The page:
Biology and Philosophy 6 (1):45-53 (1991)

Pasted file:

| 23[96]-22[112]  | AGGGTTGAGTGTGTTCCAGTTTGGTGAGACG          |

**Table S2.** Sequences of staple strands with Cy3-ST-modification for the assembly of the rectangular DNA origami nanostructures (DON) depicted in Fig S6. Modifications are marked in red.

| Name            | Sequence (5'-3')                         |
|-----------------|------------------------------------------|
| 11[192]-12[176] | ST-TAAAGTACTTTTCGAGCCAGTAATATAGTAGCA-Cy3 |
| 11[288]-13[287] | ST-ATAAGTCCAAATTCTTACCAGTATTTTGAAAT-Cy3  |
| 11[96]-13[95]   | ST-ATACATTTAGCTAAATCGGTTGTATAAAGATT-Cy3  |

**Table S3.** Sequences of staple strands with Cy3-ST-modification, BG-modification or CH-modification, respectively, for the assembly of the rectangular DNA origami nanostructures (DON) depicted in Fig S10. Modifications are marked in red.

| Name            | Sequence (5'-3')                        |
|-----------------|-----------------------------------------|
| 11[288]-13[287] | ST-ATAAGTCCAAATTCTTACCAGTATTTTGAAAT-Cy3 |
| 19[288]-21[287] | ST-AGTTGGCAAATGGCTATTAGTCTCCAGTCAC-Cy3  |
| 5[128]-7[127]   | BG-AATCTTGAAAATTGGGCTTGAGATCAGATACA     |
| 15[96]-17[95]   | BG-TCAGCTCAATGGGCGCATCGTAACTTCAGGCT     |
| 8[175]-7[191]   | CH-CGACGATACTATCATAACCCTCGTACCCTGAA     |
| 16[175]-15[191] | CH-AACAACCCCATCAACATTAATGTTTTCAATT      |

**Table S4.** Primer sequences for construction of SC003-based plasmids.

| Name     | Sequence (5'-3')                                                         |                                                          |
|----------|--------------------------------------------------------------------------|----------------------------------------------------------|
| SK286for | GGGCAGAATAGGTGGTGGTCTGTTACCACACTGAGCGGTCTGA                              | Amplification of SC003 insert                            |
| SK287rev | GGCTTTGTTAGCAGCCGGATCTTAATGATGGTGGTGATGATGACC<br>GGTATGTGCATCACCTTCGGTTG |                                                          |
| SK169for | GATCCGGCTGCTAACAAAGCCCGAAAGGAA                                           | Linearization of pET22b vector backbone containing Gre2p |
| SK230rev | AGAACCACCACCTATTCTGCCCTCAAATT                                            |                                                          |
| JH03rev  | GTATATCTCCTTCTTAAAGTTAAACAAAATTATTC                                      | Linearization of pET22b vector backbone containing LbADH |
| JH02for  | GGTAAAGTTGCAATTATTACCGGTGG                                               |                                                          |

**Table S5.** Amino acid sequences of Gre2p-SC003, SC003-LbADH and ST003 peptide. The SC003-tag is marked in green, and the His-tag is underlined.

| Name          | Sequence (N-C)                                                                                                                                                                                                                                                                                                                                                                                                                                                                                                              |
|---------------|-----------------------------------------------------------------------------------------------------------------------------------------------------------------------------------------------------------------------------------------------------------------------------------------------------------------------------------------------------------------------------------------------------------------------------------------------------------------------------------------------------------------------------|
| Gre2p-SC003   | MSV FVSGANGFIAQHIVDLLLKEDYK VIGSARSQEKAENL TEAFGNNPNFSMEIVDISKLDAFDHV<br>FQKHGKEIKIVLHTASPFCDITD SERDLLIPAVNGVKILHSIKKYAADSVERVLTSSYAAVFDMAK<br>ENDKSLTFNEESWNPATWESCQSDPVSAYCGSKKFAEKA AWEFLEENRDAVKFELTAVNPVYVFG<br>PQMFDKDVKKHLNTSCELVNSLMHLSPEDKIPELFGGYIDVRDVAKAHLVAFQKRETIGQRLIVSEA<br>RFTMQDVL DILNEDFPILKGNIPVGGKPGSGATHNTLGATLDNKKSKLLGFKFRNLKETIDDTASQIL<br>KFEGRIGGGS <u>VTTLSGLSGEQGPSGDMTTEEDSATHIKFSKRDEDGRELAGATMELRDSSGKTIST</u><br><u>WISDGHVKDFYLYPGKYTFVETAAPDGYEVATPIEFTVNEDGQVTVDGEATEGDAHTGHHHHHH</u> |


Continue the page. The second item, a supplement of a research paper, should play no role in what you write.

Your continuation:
|Abstract||Recent philosophical discussions have failed to clarify the roles of the concept fitness in evolutionary theory. Neither the propensity interpretation of fitness nor the construal of fitness as a primitive theoretical term succeed in explicating the empirical content and explanatory power of the theory of natural selection. By appealing to the structure of simple mathematical models of natural selection, we separate out different contrasts which have tended to confuse discussions of fitness: the distinction between what fitness is defined as versus what fitness is a function of, the contrast between adaptedness as an overall property of organisms and specific adaptive capacities, the distinction between actual and potential reproductive success, the role of chance versus systematic causal relations, fitness as applied to organisms as opposed to fitness applied to genotype classes, heritable adaptive capacities of genotypes as opposed to relations between genotypes and the environment. We show how failure to distinguish and properly interrelate these different aspects of “fitness” adds confusion to a number of already complex issues concerning evolutionary theory. On the basis of our discussion of these different aspects of “fitness”, we propose a terminology which makes the necessary distinctions. A central result of our analysis is that the concept of fitness as the overall adaptedness of organisms does not enter into the causal structure of evolutionary explanation, at least to the extent that this structure is represented in the mathematical models of natural selection.|
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